The 14th Australasian Conference on Genealogy and History opened this morning. This triennial event is in Canberra this time, and is being attended by about 550 people. This year, for the first time at one of these conferences, 40 librarians attended a "Librarian's Day" on the day before the conference opened.
The proceedings commenced with Kerrie Gray, conference convener, welcoming the attendees. She then introduced the Immediate Past President of the Heraldry and Genealogy Society of Canberra (HAGSOC), Rosemary McKenzie, who told us all about the history of HAGSOC. Josh Taylor from Findmypast then told us about some of the recent and upcoming changes to Findmypast. One of the exciting datasets that should be coming before the end of the year is the 1939 register from the UK, which was taken just before the outbreak of the second world war. As the 1931 census was destroyed in the bombing, and the 1941 census never took place due to the war, this is an important census substitute. This register is being indexed using "intelligent character recognition" which electronically "reads" the handwriting.
|Josh Taylor from Findmypast|
The keynote speaker, Dr Mathew Trinca, Director of the National Museum of Australia, then spoke on the importance of the stories of ourselves. He himself was of Italian stock. His mother was the Australian-born daughter of Italian migrants who arrived in the 1920s, and his father was a migrant himself who arrived shortly before the Second World War when he could see war looming on the horizon. These people's lives were their stories. They had both come from the same little town in the North of Italy near the Swiss border. Matt's grandfather came out first to find a job and get settled, and then a few years later his mother and her children came out - later more children were born in Australia.
Matt's father initially went to Melbourne, then worked in a gold mine in Kalgoorlie. He kept a nugget of gold from that time and it is from that nugget that Matt's own wedding ring was made.
At university he started to think about his own story set against the past and his mixed Italian & Anglo-Celtic upbringing. He also started thinking about his father's story, and the hardships and prejudice he faced. He then highlighted two books written as migration memoirs. The first, They're a weird mob by John O'Grady writing as Nino Cullota, approaches the subject from a humourous angel. The other book he talked about, Romulus my Father by Raimond Gaita treats it in a more serious manner.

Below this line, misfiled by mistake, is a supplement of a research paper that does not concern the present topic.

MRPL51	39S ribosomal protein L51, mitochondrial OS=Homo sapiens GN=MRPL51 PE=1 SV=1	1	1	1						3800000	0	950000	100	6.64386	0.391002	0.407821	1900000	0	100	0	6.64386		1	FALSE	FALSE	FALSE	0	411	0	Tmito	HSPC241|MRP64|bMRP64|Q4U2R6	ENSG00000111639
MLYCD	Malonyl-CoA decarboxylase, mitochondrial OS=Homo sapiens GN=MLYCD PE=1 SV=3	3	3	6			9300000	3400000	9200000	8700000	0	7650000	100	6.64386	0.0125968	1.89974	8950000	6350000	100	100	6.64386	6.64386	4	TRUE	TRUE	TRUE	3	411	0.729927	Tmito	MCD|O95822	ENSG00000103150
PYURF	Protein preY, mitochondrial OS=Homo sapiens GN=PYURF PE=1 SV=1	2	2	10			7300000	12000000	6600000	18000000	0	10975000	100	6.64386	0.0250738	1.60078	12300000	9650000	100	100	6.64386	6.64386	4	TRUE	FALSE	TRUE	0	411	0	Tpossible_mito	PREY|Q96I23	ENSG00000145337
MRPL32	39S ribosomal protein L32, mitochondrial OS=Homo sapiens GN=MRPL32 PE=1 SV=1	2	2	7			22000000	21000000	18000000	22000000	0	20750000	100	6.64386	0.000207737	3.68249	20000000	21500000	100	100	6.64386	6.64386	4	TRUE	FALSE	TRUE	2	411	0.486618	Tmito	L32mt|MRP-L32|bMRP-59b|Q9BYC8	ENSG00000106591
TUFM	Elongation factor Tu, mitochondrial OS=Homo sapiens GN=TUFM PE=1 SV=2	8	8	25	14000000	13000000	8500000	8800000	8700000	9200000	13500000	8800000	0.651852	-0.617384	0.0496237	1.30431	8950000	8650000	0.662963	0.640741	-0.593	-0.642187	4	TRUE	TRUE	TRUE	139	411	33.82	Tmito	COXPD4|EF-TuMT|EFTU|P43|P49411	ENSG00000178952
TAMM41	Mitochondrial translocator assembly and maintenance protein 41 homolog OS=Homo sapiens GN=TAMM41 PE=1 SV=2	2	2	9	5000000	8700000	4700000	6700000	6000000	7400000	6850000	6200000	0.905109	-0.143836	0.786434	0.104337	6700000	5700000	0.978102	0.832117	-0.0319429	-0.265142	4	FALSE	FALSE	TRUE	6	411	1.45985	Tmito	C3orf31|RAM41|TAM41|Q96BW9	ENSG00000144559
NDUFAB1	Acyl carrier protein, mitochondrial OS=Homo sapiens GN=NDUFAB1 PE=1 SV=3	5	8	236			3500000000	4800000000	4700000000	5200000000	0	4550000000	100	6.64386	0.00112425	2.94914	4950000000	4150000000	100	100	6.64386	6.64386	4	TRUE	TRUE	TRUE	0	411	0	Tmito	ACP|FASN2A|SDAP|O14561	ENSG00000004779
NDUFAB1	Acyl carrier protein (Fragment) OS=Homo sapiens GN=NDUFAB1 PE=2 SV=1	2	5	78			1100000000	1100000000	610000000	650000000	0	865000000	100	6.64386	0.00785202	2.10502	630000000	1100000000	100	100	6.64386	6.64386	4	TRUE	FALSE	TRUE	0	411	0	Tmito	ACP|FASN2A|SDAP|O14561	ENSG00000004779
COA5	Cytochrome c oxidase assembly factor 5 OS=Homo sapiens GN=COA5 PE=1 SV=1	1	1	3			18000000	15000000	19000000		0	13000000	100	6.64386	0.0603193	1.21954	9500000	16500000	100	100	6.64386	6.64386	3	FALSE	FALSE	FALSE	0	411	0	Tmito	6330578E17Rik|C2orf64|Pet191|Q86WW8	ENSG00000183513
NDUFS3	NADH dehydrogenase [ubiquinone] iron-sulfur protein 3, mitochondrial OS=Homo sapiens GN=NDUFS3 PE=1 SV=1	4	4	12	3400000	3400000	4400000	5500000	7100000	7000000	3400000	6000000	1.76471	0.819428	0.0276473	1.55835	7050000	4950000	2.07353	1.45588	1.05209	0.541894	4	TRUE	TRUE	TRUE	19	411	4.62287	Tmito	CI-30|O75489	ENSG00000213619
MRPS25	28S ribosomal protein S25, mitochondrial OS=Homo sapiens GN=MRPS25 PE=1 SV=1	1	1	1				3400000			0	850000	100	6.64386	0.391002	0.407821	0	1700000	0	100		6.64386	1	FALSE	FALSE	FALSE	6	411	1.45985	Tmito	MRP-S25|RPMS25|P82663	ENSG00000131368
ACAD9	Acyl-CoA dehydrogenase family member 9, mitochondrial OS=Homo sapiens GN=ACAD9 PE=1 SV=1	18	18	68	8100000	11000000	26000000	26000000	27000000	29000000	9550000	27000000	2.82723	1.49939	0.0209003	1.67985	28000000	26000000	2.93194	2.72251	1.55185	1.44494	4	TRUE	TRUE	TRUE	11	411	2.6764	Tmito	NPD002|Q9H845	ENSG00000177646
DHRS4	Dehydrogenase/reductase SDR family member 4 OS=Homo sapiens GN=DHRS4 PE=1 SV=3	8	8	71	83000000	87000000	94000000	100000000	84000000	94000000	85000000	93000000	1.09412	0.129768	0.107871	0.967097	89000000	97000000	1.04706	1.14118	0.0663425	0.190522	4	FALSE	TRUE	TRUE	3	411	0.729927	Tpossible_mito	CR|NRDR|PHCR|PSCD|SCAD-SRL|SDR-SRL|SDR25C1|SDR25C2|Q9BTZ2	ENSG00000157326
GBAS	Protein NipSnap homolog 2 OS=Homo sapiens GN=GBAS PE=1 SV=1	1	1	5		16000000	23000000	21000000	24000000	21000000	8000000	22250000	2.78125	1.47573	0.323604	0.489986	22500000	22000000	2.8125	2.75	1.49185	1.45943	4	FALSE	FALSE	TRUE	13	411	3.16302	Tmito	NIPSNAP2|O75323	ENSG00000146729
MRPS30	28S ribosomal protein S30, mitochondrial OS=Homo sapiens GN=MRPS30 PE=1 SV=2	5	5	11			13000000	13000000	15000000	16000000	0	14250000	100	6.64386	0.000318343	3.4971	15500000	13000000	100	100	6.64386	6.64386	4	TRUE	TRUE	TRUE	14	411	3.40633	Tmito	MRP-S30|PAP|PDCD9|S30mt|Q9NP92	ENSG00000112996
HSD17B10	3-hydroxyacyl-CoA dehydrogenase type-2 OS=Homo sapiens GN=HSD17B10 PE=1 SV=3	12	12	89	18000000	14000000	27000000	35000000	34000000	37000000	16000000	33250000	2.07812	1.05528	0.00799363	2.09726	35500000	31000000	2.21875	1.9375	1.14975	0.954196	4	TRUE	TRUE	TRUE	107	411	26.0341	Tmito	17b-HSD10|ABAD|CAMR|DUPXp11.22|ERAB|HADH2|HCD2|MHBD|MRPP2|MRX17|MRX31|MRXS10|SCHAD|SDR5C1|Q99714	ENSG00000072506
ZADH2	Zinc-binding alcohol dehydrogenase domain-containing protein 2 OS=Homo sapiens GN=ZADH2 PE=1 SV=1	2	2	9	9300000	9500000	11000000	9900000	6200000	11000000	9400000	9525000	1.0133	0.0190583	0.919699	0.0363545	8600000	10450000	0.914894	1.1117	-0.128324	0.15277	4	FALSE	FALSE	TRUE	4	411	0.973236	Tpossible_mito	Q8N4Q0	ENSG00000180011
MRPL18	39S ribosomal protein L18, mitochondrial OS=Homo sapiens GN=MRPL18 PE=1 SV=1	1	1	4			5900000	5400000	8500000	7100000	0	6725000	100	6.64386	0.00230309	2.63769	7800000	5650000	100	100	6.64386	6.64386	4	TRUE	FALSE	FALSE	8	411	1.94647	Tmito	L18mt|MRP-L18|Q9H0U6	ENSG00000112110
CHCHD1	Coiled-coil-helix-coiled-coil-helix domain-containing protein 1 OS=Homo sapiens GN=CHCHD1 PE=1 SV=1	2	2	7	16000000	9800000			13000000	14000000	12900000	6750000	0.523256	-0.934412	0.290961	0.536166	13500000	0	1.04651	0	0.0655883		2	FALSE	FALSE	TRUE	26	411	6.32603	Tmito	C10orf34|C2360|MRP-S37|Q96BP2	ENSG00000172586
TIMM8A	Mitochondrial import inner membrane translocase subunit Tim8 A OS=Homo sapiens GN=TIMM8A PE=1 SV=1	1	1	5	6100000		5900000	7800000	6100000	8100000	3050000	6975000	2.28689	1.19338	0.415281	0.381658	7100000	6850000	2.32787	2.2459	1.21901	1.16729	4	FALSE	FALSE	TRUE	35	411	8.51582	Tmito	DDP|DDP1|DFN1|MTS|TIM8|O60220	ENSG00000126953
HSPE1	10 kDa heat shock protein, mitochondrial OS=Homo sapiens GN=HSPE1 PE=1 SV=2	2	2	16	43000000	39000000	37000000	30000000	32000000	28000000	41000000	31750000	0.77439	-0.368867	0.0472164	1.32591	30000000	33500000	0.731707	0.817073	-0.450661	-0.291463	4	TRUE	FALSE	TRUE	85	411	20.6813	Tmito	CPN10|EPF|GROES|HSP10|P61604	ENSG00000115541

Matt made the point that all these stories, especially those about his parents' and grandparents' lives in Italy, help him make sense of who he is. He began to see his own family's past as connected to others. History is as much about the present conditions and preoccupations as it is about the past. His own family history is closely connected to the pattern of Australia's past which is the history of a series of migrations, both before and after the Second World War.
He then went onto talk about the "Defining Moments" project being run by the National Museum. It encourages people to record the stories of people that connect them to the Museum's listed 100 defining moments in history, and acknowledges the connection between the history of a family and the history of the nation.
Strangely, since his talk was all about stories, he didn't encourage us to write down our own stories, or even to contribute to the web site, which would have been a logical conclusion to his talk.
The second Keynote of the day (during the immediate post-lunch session) was Roger Kershaw on Tracing Free Immigrants to Australia. I had attended a talk by Roger in Adelaide at the last AFFHO congress, which I thought was excellent, so had high expectations of this keynote speech. Sadly I was rather disappointed. Firstly, Roger read the entire speech from notes. Most of the time his head was pointed down towards those notes, not looking at the audience. The keynote speaker in the morning had done the same thing, but his talk was captivating enough that we forgave that. Roger's talk was so full of important and interesting content that it was impossible to be able to write down all the notes I'd have liked to make - especially the references to certain document classes in the National Archives (those references weren't reflected on the slides, which would have made that task easier for me). Disappointingly, his talk was also rather dry. While I was losing my place in the talk I was hoping that what he was reading was the contents of the paper he had submitted for the proceedings. However when I looked at my copy of the proceedings (on a USB drive) this was not the case. I think I will probably be able to find the TNA references at least in that paper (which actually looks like it will be excellent and useful), but much of what he said is probably lost to me forever.
In summary, this was an important and interesting talk, that was let down by cramming too much information into a short time and by missing references to the sources of documents on the slides.